Staying slim hasn’t been possible for me. Dieting no more appears to work, nor did periods with a pushy fitness expert. AFTER I couldn’t fit into a size 16 Primark frock at Christmas, I used to be mortified. I put this right down to work, stress, hormones and a negative back that ended me exercising.
We all have trillions of different microbes in our guts. The latest thinking is that microscopic community, known as the microbiome, functions like an organ in the physical body, performing various essential functions. A wholesome, balanced microbiome helps us breakdown foods, protects us from infections, trains our disease fighting capability and manufactures vitamins, such as B12 and K. It also plays a role in regulating blood sugar and metabolism, and sends signals to our brain that make a difference mood, anxiety and appetite.
A bad diet, stress, lack and alcohol of rest can upset your microbiome, creating imbalances that are increasingly being associated with conditions which range from irritable bowel syndrome (IBS) to diabetes, high blood circulation pressure, depressive disorder – and, yes, obesity. I understand about my weight-gaining bacteria due to a new test that analyses your microbiome.
The company behind the test, Map My Gut, was recently launched by Tim Spector, a professor of hereditary epidemiology at King’s College London. To accomplish the test, you get a pack with a plastic pot, a spatula, latex gloves and a paper ‘poo-catcher’. Once you have gathered your sample, it is sent to a specialist laboratory, which uses DNA technology to identify the bacteria in your gut.
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Around four weeks later, you receive a personalised statement from your designated ‘diet expert’. This won’t be some glossy-haired food blogger with a diploma from a weekend workshop: Professor Spector says the nourishment experts are doctors, scientists, dietitians or nutritional therapists (who must have completed nourishment training to at least degree-equivalent level). My nourishment expert, Miguel Toribio-Mateas, has a degree in nutritional medicine, a masters degree in clinical neuroscience and is completing a doctorate in cognitive ageing. He’s also a clinical neuroscientist and head of practitioner education for Map My Gut – I seem to have hit the jackpot.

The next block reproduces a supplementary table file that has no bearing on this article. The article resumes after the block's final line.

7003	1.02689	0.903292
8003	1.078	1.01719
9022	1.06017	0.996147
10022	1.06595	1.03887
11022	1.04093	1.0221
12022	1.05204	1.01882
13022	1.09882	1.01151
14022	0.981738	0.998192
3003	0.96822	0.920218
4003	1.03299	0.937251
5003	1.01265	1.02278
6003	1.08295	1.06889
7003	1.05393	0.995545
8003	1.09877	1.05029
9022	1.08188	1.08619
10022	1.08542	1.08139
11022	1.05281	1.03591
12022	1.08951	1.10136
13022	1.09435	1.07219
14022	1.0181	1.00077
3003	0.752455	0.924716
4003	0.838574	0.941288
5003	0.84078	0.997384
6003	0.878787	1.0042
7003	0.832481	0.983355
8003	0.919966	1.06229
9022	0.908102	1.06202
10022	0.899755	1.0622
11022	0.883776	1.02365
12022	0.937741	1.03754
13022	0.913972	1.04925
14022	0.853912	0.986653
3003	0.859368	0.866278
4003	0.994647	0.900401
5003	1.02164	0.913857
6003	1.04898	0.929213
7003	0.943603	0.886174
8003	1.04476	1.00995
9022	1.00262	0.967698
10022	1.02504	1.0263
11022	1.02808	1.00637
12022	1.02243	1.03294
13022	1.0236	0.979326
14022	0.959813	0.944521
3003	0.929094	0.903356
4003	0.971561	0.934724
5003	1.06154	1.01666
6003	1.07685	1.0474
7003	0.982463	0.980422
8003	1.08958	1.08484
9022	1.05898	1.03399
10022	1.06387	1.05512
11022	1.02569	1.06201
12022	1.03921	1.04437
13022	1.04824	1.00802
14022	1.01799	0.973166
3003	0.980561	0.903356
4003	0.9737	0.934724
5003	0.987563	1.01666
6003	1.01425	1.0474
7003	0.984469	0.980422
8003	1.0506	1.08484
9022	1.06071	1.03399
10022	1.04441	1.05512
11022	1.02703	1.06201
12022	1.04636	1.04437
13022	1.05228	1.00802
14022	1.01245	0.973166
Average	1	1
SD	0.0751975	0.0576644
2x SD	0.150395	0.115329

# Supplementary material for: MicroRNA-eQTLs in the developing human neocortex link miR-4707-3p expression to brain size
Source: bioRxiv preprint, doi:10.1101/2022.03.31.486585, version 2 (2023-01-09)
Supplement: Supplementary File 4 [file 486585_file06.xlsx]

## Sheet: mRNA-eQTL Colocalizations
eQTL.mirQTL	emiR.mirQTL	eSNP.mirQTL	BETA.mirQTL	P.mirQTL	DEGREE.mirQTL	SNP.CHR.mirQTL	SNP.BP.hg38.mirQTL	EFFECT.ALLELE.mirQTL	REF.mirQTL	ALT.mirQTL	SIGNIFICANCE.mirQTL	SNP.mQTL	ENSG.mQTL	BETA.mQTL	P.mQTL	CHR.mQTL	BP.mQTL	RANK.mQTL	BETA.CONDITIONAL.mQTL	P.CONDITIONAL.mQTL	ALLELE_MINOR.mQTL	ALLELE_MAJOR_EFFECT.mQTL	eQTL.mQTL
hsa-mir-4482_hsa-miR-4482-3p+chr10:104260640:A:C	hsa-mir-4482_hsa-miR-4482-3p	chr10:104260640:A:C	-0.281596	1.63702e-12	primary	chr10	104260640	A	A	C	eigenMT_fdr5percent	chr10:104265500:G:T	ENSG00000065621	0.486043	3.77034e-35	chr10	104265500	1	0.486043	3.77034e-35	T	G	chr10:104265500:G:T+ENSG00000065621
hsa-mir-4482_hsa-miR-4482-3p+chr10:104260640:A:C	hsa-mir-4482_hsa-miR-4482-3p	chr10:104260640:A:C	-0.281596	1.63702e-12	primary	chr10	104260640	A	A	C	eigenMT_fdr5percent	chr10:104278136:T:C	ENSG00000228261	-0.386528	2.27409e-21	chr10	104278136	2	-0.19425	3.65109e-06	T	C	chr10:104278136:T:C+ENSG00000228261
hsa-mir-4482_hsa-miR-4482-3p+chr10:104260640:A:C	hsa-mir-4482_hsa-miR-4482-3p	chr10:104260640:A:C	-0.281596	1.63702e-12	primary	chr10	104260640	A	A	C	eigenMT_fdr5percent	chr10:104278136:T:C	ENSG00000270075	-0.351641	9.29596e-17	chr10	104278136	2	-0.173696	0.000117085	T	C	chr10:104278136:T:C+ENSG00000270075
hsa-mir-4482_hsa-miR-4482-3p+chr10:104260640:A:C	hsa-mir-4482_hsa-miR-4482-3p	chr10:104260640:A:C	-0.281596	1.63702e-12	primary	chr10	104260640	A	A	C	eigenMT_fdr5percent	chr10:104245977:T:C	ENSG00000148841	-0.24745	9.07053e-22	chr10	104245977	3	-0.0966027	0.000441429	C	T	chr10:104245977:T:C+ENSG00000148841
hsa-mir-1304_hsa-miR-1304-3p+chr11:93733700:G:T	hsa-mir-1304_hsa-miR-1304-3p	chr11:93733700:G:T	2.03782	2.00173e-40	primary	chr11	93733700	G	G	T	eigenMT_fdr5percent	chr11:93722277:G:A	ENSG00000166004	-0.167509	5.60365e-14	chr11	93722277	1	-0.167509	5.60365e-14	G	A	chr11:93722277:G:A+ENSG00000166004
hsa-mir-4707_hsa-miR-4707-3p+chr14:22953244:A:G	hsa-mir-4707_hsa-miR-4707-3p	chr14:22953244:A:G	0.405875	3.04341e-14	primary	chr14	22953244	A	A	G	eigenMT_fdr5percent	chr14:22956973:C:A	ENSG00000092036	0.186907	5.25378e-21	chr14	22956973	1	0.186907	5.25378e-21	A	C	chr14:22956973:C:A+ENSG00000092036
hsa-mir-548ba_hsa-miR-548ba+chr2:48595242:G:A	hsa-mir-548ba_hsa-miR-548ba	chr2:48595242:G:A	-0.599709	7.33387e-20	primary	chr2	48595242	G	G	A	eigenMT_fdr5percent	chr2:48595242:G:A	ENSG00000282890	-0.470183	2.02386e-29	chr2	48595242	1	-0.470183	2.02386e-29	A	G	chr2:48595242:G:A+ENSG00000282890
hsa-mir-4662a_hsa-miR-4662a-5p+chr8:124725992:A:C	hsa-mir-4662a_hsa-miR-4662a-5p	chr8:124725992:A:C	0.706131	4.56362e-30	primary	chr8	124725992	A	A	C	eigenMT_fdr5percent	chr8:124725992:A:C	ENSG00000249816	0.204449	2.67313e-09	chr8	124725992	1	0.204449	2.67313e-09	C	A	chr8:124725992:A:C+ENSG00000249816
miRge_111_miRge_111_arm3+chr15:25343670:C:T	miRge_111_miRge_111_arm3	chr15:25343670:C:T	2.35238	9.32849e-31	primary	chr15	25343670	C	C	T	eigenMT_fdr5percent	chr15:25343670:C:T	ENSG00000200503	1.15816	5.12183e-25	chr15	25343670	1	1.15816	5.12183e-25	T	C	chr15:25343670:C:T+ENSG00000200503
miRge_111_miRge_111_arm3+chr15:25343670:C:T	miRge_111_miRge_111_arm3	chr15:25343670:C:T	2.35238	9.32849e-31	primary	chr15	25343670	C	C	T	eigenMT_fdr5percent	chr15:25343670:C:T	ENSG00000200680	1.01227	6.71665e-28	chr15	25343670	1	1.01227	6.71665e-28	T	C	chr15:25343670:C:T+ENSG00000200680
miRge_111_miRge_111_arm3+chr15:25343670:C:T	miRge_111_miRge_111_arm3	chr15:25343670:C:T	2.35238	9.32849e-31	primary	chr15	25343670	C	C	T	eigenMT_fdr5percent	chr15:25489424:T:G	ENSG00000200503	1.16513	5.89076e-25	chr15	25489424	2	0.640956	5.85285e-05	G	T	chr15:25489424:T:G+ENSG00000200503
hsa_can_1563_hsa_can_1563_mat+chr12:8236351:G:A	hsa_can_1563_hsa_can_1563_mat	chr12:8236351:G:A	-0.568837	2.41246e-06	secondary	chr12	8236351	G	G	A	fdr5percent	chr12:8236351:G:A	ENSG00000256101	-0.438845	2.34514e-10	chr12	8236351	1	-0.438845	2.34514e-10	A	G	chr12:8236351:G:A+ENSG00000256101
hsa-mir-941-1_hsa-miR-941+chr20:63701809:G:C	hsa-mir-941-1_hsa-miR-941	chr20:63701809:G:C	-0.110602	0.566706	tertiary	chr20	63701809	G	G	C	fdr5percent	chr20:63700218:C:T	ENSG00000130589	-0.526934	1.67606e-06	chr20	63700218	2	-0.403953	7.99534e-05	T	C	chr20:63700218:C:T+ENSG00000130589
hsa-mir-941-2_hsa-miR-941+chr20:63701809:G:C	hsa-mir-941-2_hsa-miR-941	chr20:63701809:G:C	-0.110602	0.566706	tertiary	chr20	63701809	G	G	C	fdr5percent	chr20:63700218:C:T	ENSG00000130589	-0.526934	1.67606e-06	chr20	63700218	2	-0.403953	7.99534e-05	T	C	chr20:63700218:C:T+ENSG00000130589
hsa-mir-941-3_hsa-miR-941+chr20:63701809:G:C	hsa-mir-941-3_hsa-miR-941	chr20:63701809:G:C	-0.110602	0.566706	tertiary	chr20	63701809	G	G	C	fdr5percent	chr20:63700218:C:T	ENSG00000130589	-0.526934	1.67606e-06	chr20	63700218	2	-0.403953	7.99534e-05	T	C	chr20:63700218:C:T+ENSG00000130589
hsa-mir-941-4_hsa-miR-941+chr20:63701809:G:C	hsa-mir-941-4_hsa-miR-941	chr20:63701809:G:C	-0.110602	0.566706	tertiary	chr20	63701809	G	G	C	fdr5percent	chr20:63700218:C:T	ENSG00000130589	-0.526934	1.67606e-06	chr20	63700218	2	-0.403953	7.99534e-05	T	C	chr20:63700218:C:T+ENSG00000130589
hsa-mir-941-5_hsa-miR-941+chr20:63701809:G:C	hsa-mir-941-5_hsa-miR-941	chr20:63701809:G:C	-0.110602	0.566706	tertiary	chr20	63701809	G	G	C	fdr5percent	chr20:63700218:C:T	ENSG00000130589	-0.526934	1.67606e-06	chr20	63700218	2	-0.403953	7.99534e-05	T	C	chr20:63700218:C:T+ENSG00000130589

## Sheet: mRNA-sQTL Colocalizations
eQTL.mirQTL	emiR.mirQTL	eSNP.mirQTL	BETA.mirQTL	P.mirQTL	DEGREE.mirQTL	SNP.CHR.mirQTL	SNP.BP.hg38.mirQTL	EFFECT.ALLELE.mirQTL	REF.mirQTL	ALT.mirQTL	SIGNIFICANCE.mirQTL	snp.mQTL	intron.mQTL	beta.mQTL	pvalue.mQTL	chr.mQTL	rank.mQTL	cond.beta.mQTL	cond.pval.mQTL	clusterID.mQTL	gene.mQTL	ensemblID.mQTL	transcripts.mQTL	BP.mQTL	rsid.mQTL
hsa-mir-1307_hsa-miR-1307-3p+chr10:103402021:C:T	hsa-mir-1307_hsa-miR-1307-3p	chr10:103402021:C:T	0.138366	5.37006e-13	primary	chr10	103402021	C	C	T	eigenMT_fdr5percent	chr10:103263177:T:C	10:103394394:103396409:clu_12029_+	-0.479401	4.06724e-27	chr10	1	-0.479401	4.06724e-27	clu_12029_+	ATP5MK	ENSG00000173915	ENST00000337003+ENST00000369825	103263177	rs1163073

The statement includes an overview of your microbiome, showing how it compares with the common microbiome (based on that data source of 14,000 people), as well as ranking your present gut health insurance and giving basic eating suggestions specific to your needs. The whole deal – test included – costs £300. Given that the research is so fast-changing and new, some academics think it’s prematurily . to provide personalised diet suggestions predicated on our microbiome. Professor Spector, as you might expect, disagrees.
He says there is certainly proven science we can used now. We realize for example, that the greater diverse their microbiome, the healthier people have a tendency to be,’ he says. I expected to learn that my microbiome is at good shape – I’d prided myself on my varied and, I thought, healthy diet: I love kale and lentils, blueberries and live yoghurt.